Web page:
The rich were the first to leave. They wired their savings abroad and hopped on international flights.
The middle class departed next. They went on buses, sometimes riding for days across several countries.
The poor remained.
They stayed as the economy collapsed, food got scarcer, medicine shortages turned deadly and the electricity cut out for days at a time. But finally they too began to exit Venezuela.
They simply walked out.
The departure of the caminantes, or walkers, began slowly in 2017 with young men hoping to find jobs and send money home.
Now women and children, the sick and the elderly also are taking their chances, expanding an exodus that already is one of the biggest mass migrations in modern history.
Each day an estimated 5,000 people flee.
The most popular way out is through the Colombian border city of Cúcuta. Then comes one of the most difficult parts of the trip: a 125-mile passage that climbs more than 9,000 feet to a long and frigid plateau — El Páramo de Berlín — before descending into the balmy, green city of Bucaramanga.
The Los Angeles Times set out to document the journey, immersing a reporter and photographer in the river of humanity for five days. No single story would capture the magnitude of the crisis. And so the plan was to observe from the shelters set up by good Samaritans, from the tiny towns along the highway, from the backs of trucks.
The trip started on a Monday morning last May just outside Cúcuta at a Red Cross station, where a worker stood before a group of migrants and told them about a 21-year-old man who had died of hypothermia while trying to cross the plateau.
“I tell you this not to make you scared,” he said. “I tell you so you’ll be careful and understand that these kinds of tragedies have happened.”
When he asked where people were headed, they shouted destinations in Colombia — “Bogotá!” “Medellín!” “Cali!” — and beyond — “Ecuador!” “Peru!”
They carried blankets and quilts and homemade backpacks. They carried handouts from the Red Cross: boiled sausages, crackers, bottled water and canned tuna. They carried faith in God.
Valentina Durán carried her month-old son.
Samuel had been born April 2 in Cúcuta as 22-year-old Durán was fleeing to Colombia for the second time.
The first time was in 2016. For the next two years, she worked at a clothing factory in the industrial city of Cali, sending whatever earnings she could to her parents and the two young children she had left in their care.
When her daughter caught pneumonia last year, Durán returned to her hometown of Maracay and barely recognized it. Cash was nearly unattainable and bodega shelves were empty.
Six months later, she returned to Colombia and immediately gave birth.
A woman at the hospital overheard her telling doctors that she and Samuel were homeless and offered to take them in.
They stayed a few weeks before Durán decided it was time to get moving again in search of a job. The bus would cost about $60. She didn't have it.
So now she was lugging her son down Route 55, staring at a ribbon of blacktop that disappeared into the mountains.
Nine miles from the border, Durán felt lightheaded. She had been diagnosed with low blood pressure and malnutrition.
The midday sun beat down. Cargo trucks whizzed past, spraying dust that stuck to her skin. The boy let out a whimper.
“I know, love, I know,” she cooed. “Don’t cry.”
She sat down on the side of the highway under the shade of a large tree with Samuel wrapped in fleece on her lap.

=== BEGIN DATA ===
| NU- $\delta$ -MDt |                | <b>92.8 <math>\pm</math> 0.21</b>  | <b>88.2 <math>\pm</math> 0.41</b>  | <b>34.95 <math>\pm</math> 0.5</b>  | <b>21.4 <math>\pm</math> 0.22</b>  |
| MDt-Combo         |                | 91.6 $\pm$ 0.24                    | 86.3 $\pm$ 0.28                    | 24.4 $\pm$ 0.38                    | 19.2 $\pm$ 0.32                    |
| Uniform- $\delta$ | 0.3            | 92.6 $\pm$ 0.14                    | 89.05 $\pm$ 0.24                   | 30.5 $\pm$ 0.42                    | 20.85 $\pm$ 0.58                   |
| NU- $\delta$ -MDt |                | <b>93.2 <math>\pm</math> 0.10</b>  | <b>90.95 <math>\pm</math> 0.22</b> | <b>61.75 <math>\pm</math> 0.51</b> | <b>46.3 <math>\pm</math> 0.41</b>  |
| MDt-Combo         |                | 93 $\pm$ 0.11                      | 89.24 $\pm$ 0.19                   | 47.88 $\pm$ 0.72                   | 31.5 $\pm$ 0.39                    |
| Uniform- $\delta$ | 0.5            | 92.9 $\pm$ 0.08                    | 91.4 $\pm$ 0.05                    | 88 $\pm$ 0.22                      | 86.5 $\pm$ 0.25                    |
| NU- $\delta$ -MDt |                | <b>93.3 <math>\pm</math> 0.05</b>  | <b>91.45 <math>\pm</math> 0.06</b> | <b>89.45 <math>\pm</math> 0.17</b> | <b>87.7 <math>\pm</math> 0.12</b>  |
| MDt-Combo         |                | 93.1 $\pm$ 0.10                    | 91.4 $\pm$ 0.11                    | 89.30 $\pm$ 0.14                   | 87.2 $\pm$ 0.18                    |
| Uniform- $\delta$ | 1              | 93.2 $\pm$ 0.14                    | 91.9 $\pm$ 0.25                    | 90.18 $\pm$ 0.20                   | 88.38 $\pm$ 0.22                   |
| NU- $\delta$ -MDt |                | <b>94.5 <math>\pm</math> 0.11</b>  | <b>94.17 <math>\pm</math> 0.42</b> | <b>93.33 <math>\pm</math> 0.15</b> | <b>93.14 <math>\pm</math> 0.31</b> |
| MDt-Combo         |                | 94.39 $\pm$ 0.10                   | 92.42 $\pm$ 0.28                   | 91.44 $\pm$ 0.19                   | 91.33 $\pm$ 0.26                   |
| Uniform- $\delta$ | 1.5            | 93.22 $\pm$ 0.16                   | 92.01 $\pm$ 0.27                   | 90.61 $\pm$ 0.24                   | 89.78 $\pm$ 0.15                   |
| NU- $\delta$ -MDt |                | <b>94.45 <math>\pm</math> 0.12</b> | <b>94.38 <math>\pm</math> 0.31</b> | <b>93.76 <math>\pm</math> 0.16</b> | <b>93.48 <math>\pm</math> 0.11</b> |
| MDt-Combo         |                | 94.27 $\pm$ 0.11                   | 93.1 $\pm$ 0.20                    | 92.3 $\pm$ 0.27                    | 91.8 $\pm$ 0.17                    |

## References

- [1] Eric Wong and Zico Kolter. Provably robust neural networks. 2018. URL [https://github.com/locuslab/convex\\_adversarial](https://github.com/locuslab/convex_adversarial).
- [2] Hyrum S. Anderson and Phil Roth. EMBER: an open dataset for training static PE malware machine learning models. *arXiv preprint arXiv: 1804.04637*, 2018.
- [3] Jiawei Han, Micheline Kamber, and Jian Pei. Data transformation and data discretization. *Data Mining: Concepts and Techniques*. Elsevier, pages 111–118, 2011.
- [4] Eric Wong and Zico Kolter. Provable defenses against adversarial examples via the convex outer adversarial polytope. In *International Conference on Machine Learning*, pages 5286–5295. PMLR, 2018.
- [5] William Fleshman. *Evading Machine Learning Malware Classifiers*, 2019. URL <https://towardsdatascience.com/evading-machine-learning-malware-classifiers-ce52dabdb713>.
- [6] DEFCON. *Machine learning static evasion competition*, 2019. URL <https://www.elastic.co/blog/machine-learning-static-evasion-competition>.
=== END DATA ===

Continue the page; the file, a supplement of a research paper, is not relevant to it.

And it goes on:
Durán reached into her small backpack for a bottle of water, carefully filled the cap and put it to his lips.
Bucaramanga was 116 miles away.
There were the things that people carried. There were also the things they left behind — the neighborhoods they grew up in, the grandparents who helped raise them, the graves of those who never had a chance to leave.
Leidy Paredes and María Colmenares each left behind four children.
The two women, both single mothers in their early 30s, lived in the same neighborhood in Maracay. Paredes left her children with her mother. Colmenares left each of hers with a different neighbor.
Their original plan was to get to Bogotá, where Paredes had a cousin who had promised to send bus fare. When it never arrived, they decided to look for jobs in Bucaramanga.
It takes most people about 50 hours to walk there from the border. Driving takes five.
The caminantes do everything they can to catch lifts. They wave their hands or Venezuelan flags. They hold up fingers showing how many seats they need. They plead with drivers to take extra passengers.
Traveling Monday with seven people they met on the road, Paredes and Colmenares would pose on the berm, jumping and giggling.
Trucks careened past them.
Finally around 1 p.m., a commuter bus pulled over and the driver waved their group up the steps. The two women cheered.
When the bus passed one of the trucks that had ignored them, Paredes raised her middle finger and cackled.
“We have to laugh, sister,” Colmenares told her. “Because if you don’t laugh, you cry.”
Fifteen minutes later, the bus route ended. The ride had saved them 45 minutes of walking.
The view from the highway explodes in a collage of rolling mountains, lush valleys and glimmering rivers.
Edgar Blanco and his 13-year-old son, Leonardo, rarely looked up to admire it. They focused on the single white line marking the outer right edge of the road.
Their thoughts might drift, taking them to Venezuela, to the rumble in their stomachs, or to Marvy — Blanco's wife and Leonardo's mother — who had gone ahead that Monday afternoon in a flatbed truck.
But the white line was always there. It was their way out.
All they had to do was follow it.
Blanco knew the route well. He had traveled to Ecuador alone in 2018, walking and hitching lifts to cover 1,000 miles in 11 days.
In Quito, the capital, he made $120 a week working construction and sent home what he could. Away from his family, loneliness gnawed at his soul.